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Where Montana Voted Red, Blue

The more than 468,000 Montanans who cast ballots in November 2023 by and large leaned Republican — electing two GOP candidates to represent Montana in the U.S. House and handing the GOP a historic supermajority in the state Legislature.

As is typically the case in Montana, though, the state’s political geography is more complex than a simple horizon- to-horizon field of red. In several pockets across the state, voters leaned toward Democrats — or threw a plurality of support behind independent U.S. House candidate Gary Buchanan. Elsewhere, Montanans split their votes in ways that defy simple partisan classification by re-electing incumbent Montana Supreme Court justices, adding digital privacy protections to the state Constitution and rejecting a measure mandating life-sustaining care for newborns with terminal health conditions.

In Montana’s newly drawn first congressional district, which spans western Montana from Bozeman to Libby, Republican Ryan Zinke won a four-point victory over Democratic candidate Monica Tranel.

A “jelly donut” pattern of urban-rural political divides characterized voters’ choices across the western district, with deep-blue Democrat- leaning urban cores surrounded by more sparsely populated Republican-leaning territory.

Urban and some suburban precincts in Bozeman, Missoula, Butte, Anaconda, Hamilton, Big Sky and Whitefish skewed Democratic, as did precincts in and around Browning on the Blackfeet Indian Reservation. In addition to picking up rural precincts across the district, Republican Zinke won town and city centers in Kalispell, Libby, Deer Lodge and Dillon (one central Dillon precinct, however, reported a 143-143 vote tie).

In the eastern Montana congressional district, incumbent Republican U.S. Rep. Matt Rosendale won an easy 35-point victory against Democrat Penny Ronning and independent challenger Gary Buchanan, who split the vote opposing Rosendale’s re-election. While Rosendale won 57 percent of the vote overall, Ronning and Buchanan won 20 percent and 22 percent respectively — too few votes combined to topple the incumbent.

Rosendale won the vast majority of precincts across the district, including much of the Billings area and all of Great Falls and Havre. Exceptions to Republican dominance in the race were portions of the Rocky Boy’s, Fort Belknap, Fort Peck, Crow and Northern Cheyenne reservations, as well as urban precincts in Helena, Livingston, Red Lodge and central Billings.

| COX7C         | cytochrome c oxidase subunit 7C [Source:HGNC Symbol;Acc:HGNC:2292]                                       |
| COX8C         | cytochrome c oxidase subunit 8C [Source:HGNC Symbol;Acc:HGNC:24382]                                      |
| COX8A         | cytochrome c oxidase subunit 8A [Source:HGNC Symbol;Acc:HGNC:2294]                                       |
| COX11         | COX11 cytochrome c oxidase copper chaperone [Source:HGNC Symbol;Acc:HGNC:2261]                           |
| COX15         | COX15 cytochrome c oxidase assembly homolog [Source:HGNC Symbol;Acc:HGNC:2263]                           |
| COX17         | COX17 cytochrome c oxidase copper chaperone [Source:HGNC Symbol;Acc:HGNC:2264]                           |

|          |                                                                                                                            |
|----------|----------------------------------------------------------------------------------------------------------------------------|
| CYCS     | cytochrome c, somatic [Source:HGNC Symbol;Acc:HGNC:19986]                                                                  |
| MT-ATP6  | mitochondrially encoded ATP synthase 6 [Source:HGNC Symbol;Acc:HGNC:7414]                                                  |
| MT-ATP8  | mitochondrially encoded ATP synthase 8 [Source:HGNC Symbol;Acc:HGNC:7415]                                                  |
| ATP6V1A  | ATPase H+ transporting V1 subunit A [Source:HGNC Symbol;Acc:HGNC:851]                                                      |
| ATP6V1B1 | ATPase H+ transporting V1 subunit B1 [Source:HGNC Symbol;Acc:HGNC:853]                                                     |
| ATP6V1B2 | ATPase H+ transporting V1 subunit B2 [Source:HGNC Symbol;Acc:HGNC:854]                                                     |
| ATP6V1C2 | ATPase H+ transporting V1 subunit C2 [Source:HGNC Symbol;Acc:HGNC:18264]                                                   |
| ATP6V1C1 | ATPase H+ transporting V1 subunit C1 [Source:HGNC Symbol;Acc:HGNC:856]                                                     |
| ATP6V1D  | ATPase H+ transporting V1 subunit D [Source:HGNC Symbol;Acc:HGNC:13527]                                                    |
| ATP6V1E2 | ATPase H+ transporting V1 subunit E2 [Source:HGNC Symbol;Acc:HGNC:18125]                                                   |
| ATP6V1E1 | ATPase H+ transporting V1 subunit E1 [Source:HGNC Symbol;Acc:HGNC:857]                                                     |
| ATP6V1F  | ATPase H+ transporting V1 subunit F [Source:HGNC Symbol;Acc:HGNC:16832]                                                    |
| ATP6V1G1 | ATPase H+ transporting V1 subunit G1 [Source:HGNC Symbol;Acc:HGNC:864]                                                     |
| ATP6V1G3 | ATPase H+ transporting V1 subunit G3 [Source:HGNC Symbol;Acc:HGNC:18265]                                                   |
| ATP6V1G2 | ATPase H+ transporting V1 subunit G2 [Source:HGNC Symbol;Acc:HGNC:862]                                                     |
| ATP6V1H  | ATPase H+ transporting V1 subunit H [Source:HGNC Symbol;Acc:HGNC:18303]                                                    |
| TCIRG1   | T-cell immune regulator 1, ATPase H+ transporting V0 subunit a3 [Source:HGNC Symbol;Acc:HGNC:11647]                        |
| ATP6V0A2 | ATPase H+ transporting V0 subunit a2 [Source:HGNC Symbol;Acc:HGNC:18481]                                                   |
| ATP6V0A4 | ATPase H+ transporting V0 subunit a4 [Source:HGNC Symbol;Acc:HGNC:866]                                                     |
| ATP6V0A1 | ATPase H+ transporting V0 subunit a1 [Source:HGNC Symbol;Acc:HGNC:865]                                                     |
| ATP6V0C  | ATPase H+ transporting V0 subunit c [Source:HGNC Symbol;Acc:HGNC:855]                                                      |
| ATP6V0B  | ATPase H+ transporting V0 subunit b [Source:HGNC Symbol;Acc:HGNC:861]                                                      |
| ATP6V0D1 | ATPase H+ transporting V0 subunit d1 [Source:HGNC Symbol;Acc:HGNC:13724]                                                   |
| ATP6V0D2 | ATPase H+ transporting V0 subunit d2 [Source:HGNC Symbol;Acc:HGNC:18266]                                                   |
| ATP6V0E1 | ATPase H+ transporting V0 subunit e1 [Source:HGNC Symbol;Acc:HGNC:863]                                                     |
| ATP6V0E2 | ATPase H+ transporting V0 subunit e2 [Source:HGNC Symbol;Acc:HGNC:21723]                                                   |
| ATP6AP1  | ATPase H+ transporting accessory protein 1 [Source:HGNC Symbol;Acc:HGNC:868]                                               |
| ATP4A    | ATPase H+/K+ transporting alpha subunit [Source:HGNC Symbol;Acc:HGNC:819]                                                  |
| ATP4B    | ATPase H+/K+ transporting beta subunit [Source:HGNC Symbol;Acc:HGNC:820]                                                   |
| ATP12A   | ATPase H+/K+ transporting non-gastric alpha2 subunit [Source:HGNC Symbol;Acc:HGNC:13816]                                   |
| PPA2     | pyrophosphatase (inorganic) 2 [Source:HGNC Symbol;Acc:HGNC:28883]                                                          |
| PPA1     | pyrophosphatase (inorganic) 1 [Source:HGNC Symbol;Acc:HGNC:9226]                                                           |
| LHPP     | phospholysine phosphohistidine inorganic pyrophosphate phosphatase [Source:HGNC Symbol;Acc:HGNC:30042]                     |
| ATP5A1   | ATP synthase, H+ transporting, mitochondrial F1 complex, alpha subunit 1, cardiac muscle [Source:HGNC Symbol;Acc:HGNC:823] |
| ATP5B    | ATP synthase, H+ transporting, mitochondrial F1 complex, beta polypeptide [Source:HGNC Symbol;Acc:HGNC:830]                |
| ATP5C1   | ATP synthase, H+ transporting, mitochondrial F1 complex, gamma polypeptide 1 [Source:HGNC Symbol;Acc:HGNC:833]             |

Ronning and Buchanan split that left-leaning territory. Ronning picked up narrow margins over Buchanan in downtown Billings and commanding margins in Democrat- leaning tribal communities, while Buchanan won one central Billings precinct and dominant margins in central Helena.

In Montana Supreme Court races, incumbent Justice Jim Rice, who trounced opponent Bill D’Alton by 55 percentage points statewide, won handily across the state. The hotly contested race between incumbent Justice Ingrid Gustafson and challenger Jim Brown, who was endorsed by the state Republican Party in the nominally nonpartisan race, produced a more complex picture.

While Brown won most Republican-leaning rural areas, Gustafson picked up precinct-level victories in urban cores across the state, including central Kalispell, Polson, Great Falls, Dillon and Havre precincts that tilted Republican in explicitly partisan U.S. House races. Gustafson also held Brown to narrow margins of victory in many rural precincts. She won by eight percentage points overall. Of the two policy measures on the November ballot, digital privacy initiative Constitutional Amendment 48 also won handily across the state. The other, Legislative Referendum 131, the “Montana Born-Alive Infant Protection Act,” failed by five percentage points. LR-131 won supportive margins in many rural precincts, including some tribal communities, but faced large “no” vote margins in and around Missoula, Butte, Bozeman and Helena.

The measure also lost narrowly in scattered rural precincts. In the only precinct in Treasure County east of Billings, for example, it was voted down by a 16-vote margin, with 201 votes against to 185 votes for.

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